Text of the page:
That experience is likely to stir a lot of emotions among moviegoers, given that, even in 2014, abortion continues to be a hot-button issue. But Obvious Child handles Donna’s decision with grace, humor, and candor, something that was important to Robespierre and her collaborators. “We were frustrated by the limited representations of young women’s experience with pregnancy, let alone growing up,” the filmmakers wrote on their Kickstarter page.
Indeed the film is an honest — at times cringingly so — depiction of the process of dealing with an unexpected pregnancy. Over the course of the darkly funny and sharply written film, Donna, played by Slate, drunk dials her ex-boyfriend multiple times, performs a stand-up routine about abortion, and watches her best friend Nellie, played by Gaby Hoffmann, pee in front of her. It’s messy but never maudlin.
“The entire process was really curious and it was like hiking up a mountain or something,” Slate said. “We’re all doing it together and trying to get to this place.”
That work ethic carries over into everything she does, according to Slate’s best friend. “She’s a sensitive soul and she worries about whether or not she’s good enough,” Liedman said. “But when she’s actually doing her thing, I think she’s a Xena: Warrior Princess-type.”
While Slate isn’t picking up a sword just yet, the character of Donna is one that she has yet to play: a deeply layered and ultimately incredibly strong woman. “I haven’t done work like that before,” Slate said, “and it represents a time when I was really happy and confident.” On television, Slate is most often seen as playing manic caricatures (see: Parks and Recreation’s loathsome Mona Lisa Saperstein), and for the first time, in Obvious Child she is getting to play a very real person, flaws and all.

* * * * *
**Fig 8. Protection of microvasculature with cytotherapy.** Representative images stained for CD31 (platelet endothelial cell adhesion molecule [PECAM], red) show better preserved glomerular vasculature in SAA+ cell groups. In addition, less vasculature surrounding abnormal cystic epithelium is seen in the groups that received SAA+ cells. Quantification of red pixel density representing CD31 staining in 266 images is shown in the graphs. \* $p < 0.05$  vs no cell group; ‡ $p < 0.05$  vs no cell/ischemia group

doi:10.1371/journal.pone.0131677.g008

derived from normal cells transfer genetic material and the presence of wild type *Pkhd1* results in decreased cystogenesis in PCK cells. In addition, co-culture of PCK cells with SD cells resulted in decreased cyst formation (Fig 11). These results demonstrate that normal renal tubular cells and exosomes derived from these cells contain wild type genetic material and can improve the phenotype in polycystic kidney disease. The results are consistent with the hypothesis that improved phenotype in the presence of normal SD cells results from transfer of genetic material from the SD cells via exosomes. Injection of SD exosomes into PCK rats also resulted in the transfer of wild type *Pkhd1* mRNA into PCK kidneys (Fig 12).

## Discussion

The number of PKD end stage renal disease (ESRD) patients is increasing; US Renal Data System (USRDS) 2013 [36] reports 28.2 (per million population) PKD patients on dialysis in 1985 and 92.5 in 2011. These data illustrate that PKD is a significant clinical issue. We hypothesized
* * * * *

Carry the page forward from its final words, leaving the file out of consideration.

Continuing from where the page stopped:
“The kind of roles I’m getting tired of playing are generic bitches,” she said. “I enjoy the various terrible women I’ve played on television. And I enjoyed making Alvin and the Chipmunks. It’s not high art, but I’d never made a movie before, so I loved it. And now I don’t want to do things I could do without very much preparation.”
The luxury of being able to pick and choose your roles is not one that all actors are afforded, but it’s here that Slate’s anxiety truly seems to have abated. “I have less fear about being unemployed,” Slate said, laughing. “I’ve been smart about my money and I lease a Prius.”